I’ve spent a chunk of my career teaching environmental, health and safety (EHS) courses. I’ve know about the Certified Environmental, Safety and Health Trainer (CET) for years, but I didn’t really need it for my job. Therefore, I never pursued it. I asked other EHS trainers I know and no one else had it or had even considered it. Was this process going to be worth the effort? Eventually my curiosity got the best of me. I didn’t have any first-hand accounts of the process. Therefore, I write this in hope that it helps you on your path to the CET.
Spoiler: I was approved, passed the test and am now a CET.
Everyone has a different path to their certifications. I present this so you know where I’m coming from. At the time of the exam I’d had 18 years of EHS training experience. I’m also a Certified Hazardous Material Manager (CHMM). Along with my science degrees, I have an undergraduate degree in Secondary Education. But that education was nearly 20 years ago. All that together was the right background for the CET.
Investigating the CET
I was curious if the exam involved any EHS subject matter. It doesn’t and I soon realized why. You need to have a certification in your subject area, such as a CHMM or CIH, in order to be approved to take the exam. There’s a range of specialties a CET could teach, hazardous materials, waste, confined space, emergency response, and everything in between. It would be difficult to include specific EHS subject matter in the exam. That means the test is all about instruction. Uh oh, I thought. I hope my education background and experience can get me though this.
I didn’t take a prep course. I bought the Self-Assessment Examination from the Board of Certified Safety Professionals. This was a good resource. It has a 100-question practice exam, which I took 5 or 6 times. Although I eventually memorized most of the answers, it provided a baseline for understanding the test topics.
I bought and read the following books, which are referenced in the Self-Assessment Examination. I bought all 3 of them used on Amazon for less than $10. I didn’t read them front to back, but used them as references to research topics based on the study guide.
I also found the 2009 ANSI Z490.1 online. This is the standard the entire program is based. I’m guessing it’s posted online for free since there is an updated 2016 version.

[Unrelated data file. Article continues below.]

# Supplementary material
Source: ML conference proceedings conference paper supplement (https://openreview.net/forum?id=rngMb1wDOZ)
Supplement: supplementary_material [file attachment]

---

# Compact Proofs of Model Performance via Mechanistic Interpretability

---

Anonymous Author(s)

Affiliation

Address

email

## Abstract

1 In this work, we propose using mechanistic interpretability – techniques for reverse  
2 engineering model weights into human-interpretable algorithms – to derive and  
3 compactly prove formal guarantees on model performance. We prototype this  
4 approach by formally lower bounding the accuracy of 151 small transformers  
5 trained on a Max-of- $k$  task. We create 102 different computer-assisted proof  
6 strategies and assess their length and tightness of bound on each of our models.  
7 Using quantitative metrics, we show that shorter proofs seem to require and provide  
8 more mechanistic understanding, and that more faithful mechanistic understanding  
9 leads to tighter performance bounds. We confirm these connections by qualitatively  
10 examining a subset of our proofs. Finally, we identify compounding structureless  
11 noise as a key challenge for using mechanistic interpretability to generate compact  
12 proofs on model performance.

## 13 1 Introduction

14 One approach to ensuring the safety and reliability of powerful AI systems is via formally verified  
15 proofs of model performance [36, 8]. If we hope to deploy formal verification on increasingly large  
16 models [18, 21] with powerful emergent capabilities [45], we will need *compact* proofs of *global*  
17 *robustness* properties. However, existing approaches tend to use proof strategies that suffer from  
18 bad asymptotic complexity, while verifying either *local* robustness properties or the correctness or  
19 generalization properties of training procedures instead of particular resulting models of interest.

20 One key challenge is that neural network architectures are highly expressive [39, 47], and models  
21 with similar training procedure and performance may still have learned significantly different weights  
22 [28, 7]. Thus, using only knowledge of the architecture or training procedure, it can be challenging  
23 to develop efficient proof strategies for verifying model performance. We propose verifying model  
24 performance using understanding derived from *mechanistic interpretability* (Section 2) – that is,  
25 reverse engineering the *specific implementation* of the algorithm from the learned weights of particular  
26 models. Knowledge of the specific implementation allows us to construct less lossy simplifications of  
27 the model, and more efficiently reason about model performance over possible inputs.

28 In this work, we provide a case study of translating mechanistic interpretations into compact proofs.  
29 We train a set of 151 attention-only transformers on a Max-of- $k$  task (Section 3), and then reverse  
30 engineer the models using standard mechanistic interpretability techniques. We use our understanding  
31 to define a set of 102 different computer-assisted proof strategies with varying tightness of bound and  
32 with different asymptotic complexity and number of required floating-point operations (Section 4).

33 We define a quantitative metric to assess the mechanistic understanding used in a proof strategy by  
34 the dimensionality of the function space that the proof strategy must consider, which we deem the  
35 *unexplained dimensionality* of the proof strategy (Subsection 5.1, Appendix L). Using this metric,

It was exhausting. That’s the point, right? It took me 3 hours and 10 minutes of the allotted 4 hours.
I was around 50 questions in, already getting mentally fatigued, and wondering how I was going to make it though all 200 questions. I’m not an expert on the topics of instruction. Therefore, there were no gimme-questions. I had to think about and analyze every question. That’s draining. There was only 1 question, which I remember, that I had to make a pure guess. I had an answer or an explanation, right or wrong, for every other question.
I spent time leading up to the exam reviewing good test taking strategies. Not silly strategies, like picking answer C. This was helpful as well. I might not have mastered the topics, but the combination of some knowledge and good test taking let me feel more prepared.
When you finish the exam, you don’t find out your score. You don’t know what you got right or wrong. I clicked to finalize the exam and the screen showed “pass.” I thought, “Whew!” and then immediately, “Huh?” I was satisfied I passed, but confused that I didn’t know how I scored.
I also found the below video helpful. It’s a good walk through of the test taking experience. Those Pearson test centers don’t mess around. Understanding this process was another way to eliminate unknowns and focus on the test itself.
I credit my path to the CET mostly to my work experience, with support from my educational background, a decent study strategy, and a dash of good test taking.
I hope this helps you on your way to the CET. If so, pass it on. Good luck.